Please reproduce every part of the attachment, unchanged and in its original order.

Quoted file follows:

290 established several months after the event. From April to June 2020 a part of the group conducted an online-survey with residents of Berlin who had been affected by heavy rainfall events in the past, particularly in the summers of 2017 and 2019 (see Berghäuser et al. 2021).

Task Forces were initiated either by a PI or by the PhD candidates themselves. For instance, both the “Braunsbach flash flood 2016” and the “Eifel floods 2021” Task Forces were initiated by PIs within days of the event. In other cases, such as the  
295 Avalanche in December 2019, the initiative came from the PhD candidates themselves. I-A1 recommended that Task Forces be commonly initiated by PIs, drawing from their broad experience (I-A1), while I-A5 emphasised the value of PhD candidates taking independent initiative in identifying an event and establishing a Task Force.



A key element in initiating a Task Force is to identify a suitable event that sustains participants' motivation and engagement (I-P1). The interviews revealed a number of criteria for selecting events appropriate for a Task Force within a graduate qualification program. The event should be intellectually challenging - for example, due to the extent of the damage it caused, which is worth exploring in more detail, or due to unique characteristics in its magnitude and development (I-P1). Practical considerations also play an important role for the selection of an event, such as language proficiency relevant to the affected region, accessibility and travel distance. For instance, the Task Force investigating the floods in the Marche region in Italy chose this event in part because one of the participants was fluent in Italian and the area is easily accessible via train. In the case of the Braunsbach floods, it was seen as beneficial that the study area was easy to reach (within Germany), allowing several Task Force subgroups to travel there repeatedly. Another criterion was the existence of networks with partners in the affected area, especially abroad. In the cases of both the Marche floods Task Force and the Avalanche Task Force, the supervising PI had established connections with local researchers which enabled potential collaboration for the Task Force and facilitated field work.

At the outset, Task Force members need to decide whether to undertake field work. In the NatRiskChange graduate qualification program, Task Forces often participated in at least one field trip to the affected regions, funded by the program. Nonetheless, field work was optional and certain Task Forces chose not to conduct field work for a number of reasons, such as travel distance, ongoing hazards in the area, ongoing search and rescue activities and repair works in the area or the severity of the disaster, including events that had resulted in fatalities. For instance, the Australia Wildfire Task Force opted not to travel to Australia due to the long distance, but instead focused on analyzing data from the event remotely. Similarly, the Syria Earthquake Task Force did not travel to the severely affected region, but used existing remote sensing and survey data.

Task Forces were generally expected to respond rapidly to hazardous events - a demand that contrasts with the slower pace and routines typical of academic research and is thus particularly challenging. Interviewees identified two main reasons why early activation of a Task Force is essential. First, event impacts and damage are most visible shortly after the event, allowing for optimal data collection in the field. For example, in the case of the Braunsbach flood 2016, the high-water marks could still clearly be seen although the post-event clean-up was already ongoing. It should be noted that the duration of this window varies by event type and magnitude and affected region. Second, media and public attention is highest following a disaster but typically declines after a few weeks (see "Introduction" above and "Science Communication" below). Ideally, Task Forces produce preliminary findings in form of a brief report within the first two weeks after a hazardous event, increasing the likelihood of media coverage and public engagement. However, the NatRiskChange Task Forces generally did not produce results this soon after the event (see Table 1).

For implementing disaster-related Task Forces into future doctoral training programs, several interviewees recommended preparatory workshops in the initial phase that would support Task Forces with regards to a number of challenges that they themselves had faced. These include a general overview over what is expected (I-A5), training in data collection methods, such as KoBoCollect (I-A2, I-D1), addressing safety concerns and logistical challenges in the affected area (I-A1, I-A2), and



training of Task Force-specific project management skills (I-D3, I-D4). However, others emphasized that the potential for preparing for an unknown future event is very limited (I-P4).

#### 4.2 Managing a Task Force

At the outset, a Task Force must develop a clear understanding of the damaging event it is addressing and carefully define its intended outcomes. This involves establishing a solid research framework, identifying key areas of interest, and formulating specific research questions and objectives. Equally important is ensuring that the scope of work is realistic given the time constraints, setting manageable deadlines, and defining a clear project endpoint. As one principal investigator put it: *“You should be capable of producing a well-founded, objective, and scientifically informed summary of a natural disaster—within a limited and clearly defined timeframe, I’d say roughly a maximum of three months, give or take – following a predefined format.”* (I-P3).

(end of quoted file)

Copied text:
290 established several months after the event. From April to June 2020 a part of the group conducted an online-survey with residents of Berlin who had been affected by heavy rainfall events in the past, particularly in the summers of 2017 and 2019 (see Berghäuser et al. 2021).

Task Forces were initiated either by a PI or by the PhD candidates themselves. For instance, both the “Braunsbach flash flood 2016” and the “Eifel floods 2021” Task Forces were initiated by PIs within days of the event. In other cases, such as the  
295 Avalanche in December 2019, the initiative came from the PhD candidates themselves. I-A1 recommended that Task Forces be commonly initiated by PIs, drawing from their broad experience (I-A1), while I-A5 emphasised the value of PhD candidates taking independent initiative in identifying an event and establishing a Task Force.



A key element in initiating a Task Force is to identify a suitable event that sustains participants' motivation and engagement (I-P1). The interviews revealed a number of criteria for selecting events appropriate for a Task Force within a graduate qualification program. The event should be intellectually challenging - for example, due to the extent of the damage it caused, which is worth exploring in more detail, or due to unique characteristics in its magnitude and development (I-P1). Practical considerations also play an important role for the selection of an event, such as language proficiency relevant to the affected region, accessibility and travel distance. For instance, the Task Force investigating the floods in the Marche region in Italy chose this event in part because one of the participants was fluent in Italian and the area is easily accessible via train. In the case of the Braunsbach floods, it was seen as beneficial that the study area was easy to reach (within Germany), allowing several Task Force subgroups to travel there repeatedly. Another criterion was the existence of networks with partners in the affected area, especially abroad. In the cases of both the Marche floods Task Force and the Avalanche Task Force, the supervising PI had established connections with local researchers which enabled potential collaboration for the Task Force and facilitated field work.

At the outset, Task Force members need to decide whether to undertake field work. In the NatRiskChange graduate qualification program, Task Forces often participated in at least one field trip to the affected regions, funded by the program. Nonetheless, field work was optional and certain Task Forces chose not to conduct field work for a number of reasons, such as travel distance, ongoing hazards in the area, ongoing search and rescue activities and repair works in the area or the severity of the disaster, including events that had resulted in fatalities. For instance, the Australia Wildfire Task Force opted not to travel to Australia due to the long distance, but instead focused on analyzing data from the event remotely. Similarly, the Syria Earthquake Task Force did not travel to the severely affected region, but used existing remote sensing and survey data.

Task Forces were generally expected to respond rapidly to hazardous events - a demand that contrasts with the slower pace and routines typical of academic research and is thus particularly challenging. Interviewees identified two main reasons why early activation of a Task Force is essential. First, event impacts and damage are most visible shortly after the event, allowing for optimal data collection in the field. For example, in the case of the Braunsbach flood 2016, the high-water marks could still clearly be seen although the post-event clean-up was already ongoing. It should be noted that the duration of this window varies by event type and magnitude and affected region. Second, media and public attention is highest following a disaster but typically declines after a few weeks (see "Introduction" above and "Science Communication" below). Ideally, Task Forces produce preliminary findings in form of a brief report within the first two weeks after a hazardous event, increasing the likelihood of media coverage and public engagement. However, the NatRiskChange Task Forces generally did not produce results this soon after the event (see Table 1).

For implementing disaster-related Task Forces into future doctoral training programs, several interviewees recommended preparatory workshops in the initial phase that would support Task Forces with regards to a number of challenges that they themselves had faced. These include a general overview over what is expected (I-A5), training in data collection methods, such as KoBoCollect (I-A2, I-D1), addressing safety concerns and logistical challenges in the affected area (I-A1, I-A2), and



training of Task Force-specific project management skills (I-D3, I-D4). However, others emphasized that the potential for preparing for an unknown future event is very limited (I-P4).

#### 4.2 Managing a Task Force

At the outset, a Task Force must develop a clear understanding of the damaging event it is addressing and carefully define its intended outcomes. This involves establishing a solid research framework, identifying key areas of interest, and formulating specific research questions and objectives. Equally important is ensuring that the scope of work is realistic given the time constraints, setting manageable deadlines, and defining a clear project endpoint. As one principal investigator put it: *“You should be capable of producing a well-founded, objective, and scientifically informed summary of a natural disaster—within a limited and clearly defined timeframe, I’d say roughly a maximum of three months, give or take – following a predefined format.”* (I-P3).